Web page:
And then we find mention of Mongolian guns: The weapon section of the 1759 and 1766 (Qianlong period) editions of the 皇朝禮器圖式 (Huangchao Liqi Tushi or "Illustrated Precedents of the Ritual Paraphernalia of the Imperial Court") makes special mention of a variety of Mongolian muskets, further strengthening the idea that many Mongol troops had already started to switch to guns prior to Qing rule. Not only that, they even developed their own styles of this weapon, no less than five of them in this book while there are no mentions of specific Mongolian bows or arrows, it is all Manchu archery equipment.
In fact, gun use in Inner Mongolia became so widespread that the Qianlong emperor was getting worried about the archery skills of his elite Solon in the area. On the dingchou day of the 10th month of the 15th year of the Qianlong reign (November 6, 1750), the emperor issued the following edict:
The original vocation of we Manchus focused on riding horses and shooting. Ordinarily, in hunting, we had no need for guns, and only used bows and arrows. Previously, when the Solon hunted in a battue, they never used guns. Now I hear that they do not do things using bows and arrows anymore, but instead seek what is convenient, and have generally become accustomed to using guns. The use of the bow and arrow in hunting is a longstanding custom, and a principle suitable to diligent practice. Moreover, the Solon are hunters, and certainly should be proficient in archery; for this reason, among our crack troops, they have always been especially commended for their skill. If they think only about obtaining game the easy way, with time their traditional archery skills will certainly weaken. Send this to General Furdan and order him to rigorously convey this edict to his Solon men. Henceforth when mounting a battue, they must abide by the old rules and use bow and arrow to hunt game. For each gun currently in their possession, give them one tael of silver; collect them all without exception. My thinking is that these guns must also come from their own sources, since [the soldiers] certainly do not make them themselves. Now, once the prohibition has been implemented, we must ascertain clearly the actual number [of these weapons] and store them securely.
Let Furdan take extreme care in counting and collecting them. After they have been collected, strictly prohibit their illicit purchase and production, and ferret out and promptly punish violators. In addition, issue explicit instructions to the Solon: “The reason we are now collecting your guns is particularly because in hunting too many of you do not use bows and arrows, but instead are learning to use guns. His Majesty desires that you not abandon your old ways, but return to your original vocations. You all should follow the example of His Majesty’s compassionate guidance and sincere intention: when you go to hunt in battue, do not use guns, but, as before, use bow and arrow; you must return to the old customs. Those who not only excel [at archery] but also adeptly shoot from horseback can receive the favor of being raised to official ranks like Imperial Guardsman.” Use this to clearly instruct them.
Read the full article by Hing Chao in the Manchu Studies Group.
The 1803 (Jiaqing period) edition of the 欽定軍器則例 (Qinding Junqi Zeli or "Imperially Commissioned Regulations and Precedents on Military Equipment") shows that the Mongol bannermen of the capital Eight Banner troops were equipped the same as Manchu bannermen: Manchu quiver, Manchu bow, arrows, waist-worn saber. Standard Qing military gear, just like what you see on the two portraits in the beginning of the article. It starts to sound less like a ban and more like Manchus getting the Mongols back into their archery game.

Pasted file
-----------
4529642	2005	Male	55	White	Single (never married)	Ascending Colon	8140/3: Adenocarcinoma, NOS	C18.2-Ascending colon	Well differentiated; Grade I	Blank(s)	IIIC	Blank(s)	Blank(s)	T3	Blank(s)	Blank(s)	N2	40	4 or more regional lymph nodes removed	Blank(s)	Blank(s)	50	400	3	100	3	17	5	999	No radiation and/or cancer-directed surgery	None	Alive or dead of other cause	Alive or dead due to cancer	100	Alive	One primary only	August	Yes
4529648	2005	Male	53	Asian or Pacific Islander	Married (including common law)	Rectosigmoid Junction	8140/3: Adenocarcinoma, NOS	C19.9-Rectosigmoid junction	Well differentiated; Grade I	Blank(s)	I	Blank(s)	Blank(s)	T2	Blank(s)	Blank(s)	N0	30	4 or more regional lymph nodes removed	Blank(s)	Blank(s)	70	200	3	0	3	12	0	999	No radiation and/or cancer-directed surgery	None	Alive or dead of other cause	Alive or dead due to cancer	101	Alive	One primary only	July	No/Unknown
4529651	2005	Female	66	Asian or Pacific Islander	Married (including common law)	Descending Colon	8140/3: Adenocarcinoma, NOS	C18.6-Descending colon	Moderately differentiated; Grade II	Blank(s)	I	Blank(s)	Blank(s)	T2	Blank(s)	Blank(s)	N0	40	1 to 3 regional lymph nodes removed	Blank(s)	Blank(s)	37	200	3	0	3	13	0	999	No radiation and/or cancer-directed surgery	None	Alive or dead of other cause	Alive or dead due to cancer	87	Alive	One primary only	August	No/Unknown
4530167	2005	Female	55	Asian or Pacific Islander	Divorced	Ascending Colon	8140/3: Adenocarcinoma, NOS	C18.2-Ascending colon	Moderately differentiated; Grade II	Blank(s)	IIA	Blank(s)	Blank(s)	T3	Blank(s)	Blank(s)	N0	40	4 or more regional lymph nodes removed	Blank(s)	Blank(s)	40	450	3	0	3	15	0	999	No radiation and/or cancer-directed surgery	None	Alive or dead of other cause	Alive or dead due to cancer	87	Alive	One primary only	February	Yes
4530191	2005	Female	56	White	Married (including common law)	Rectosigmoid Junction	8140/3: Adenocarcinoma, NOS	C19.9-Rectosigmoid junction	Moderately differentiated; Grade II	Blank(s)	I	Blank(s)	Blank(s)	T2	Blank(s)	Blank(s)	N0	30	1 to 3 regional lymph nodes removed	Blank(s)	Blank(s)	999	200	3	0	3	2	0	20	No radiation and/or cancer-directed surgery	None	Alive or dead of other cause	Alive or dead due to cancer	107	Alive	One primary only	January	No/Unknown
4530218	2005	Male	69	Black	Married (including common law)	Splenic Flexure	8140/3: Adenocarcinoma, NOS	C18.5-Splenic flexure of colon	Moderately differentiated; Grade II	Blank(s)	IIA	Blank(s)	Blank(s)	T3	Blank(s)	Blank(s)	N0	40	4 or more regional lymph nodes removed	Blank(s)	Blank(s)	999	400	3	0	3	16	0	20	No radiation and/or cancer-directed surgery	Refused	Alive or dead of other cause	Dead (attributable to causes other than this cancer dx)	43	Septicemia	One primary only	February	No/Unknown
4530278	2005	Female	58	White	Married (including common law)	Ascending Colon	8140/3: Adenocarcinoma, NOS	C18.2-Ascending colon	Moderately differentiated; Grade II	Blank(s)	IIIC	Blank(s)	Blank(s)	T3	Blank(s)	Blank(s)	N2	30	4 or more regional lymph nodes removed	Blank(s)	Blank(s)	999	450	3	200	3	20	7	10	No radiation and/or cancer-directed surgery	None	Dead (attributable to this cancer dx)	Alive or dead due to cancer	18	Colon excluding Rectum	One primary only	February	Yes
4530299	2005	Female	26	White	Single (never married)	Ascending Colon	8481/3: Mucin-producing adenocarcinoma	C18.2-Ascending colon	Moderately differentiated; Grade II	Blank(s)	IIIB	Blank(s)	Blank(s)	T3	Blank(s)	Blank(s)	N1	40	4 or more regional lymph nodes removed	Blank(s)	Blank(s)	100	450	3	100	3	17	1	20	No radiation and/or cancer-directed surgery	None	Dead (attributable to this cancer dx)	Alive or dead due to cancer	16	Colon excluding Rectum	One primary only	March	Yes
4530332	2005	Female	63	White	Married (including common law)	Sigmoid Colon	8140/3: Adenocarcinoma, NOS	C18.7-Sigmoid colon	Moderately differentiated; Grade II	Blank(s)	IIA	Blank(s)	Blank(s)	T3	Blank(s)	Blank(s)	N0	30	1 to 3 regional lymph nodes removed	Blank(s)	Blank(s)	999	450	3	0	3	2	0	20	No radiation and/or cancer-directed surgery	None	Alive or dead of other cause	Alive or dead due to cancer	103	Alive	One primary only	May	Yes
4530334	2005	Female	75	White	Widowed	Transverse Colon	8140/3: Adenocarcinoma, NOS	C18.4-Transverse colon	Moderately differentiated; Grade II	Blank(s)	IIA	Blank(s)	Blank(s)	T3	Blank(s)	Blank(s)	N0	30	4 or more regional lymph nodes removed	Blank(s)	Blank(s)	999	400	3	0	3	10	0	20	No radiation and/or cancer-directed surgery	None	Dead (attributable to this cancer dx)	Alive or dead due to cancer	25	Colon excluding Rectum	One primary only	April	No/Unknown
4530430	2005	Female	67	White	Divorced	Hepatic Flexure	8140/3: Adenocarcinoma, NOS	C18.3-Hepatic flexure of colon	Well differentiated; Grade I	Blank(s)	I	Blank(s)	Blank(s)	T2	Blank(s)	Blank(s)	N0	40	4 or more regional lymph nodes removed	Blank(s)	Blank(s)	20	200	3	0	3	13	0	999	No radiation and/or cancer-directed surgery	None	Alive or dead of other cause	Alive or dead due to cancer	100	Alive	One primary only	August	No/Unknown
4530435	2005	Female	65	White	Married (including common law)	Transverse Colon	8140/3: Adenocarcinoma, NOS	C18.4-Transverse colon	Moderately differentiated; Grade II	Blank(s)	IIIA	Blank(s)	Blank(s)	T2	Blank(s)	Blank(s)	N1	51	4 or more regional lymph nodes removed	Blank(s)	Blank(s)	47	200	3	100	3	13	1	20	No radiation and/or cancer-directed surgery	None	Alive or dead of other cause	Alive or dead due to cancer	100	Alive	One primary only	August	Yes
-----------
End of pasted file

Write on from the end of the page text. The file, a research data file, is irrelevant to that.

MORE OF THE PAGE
Left: One of five Mongolian muskets illustrated and described in the 1766 皇朝禮器圖式. Right: A page from the 欽定軍器則例 showing the standard equipment of the Mongolian cavalry under the Qing army.
And then lastly, if there was a law on banning archery among Mongolians, where is this law recorded? Which emperor decreed it? And when? The Qing administrated everything. If a law was passed to ban archery from Mongolia, it would have been in the records. But so far nobody has been able to present historical evidence for such a law. In fact, we find the opposite: The Qing government organized many archery events to promote archery among Manchus, Mongolians, and even their Chinese subjects. They were not afraid of it, they embraced it. It was actually this deep connection with archery that was one of the reasons behind the decline of the Qing. Their archers had beaten many armies of musketeers so they did not see the need to make the switch. Once they realized they were no match for modern western breech loaders, there was no time or budget anymore to make the switch.
With all leads tracing back to hearsay, we can safely assume this myth to be busted.. I would like to go even further, and state that the opposite is true. Looking at the facts it looks as if the Manchus re-popularized archery among their Mongolian allies. This explains why today’s Mongolian traditional bow doesn’t look anything like the bows used in the times of Genghis Khan. Instead they are shortened versions of Manchu military bows, adjusted in this way in the 20th century to make them more suitable for sports rather than war. Where the typical Manchu military bow originally came from, we don't know. It might very well have Mongolian influences in it, I would be surprised if it didn't, but there so little material to study about pre-Qing Manchus and Mongolians that we might never be sure. Please let me know if you have any evidence to either confirm or disprove any of my claims. I'd be happy to add it to the article, with due credit to the contributor.
Nicola Di Cosmo and Dalizhabu Bao: "Manchu-Mongol Relations on the Eve of the Qing Conquest", Brill, Leiden, 2003.
Nicola Di Cosmo: From Alliance to Tutelage: A Historical Analysis of Manchu-Mongol Relations before the Qing Conquest.
Mark C. Elliott: "The Manchu Way", Stanford University Press, 2001.
Pamela Kyle Crossley: "A Translucent Mirror, History and Identity in Qing Imperial Ideology", University of California Press, 1999.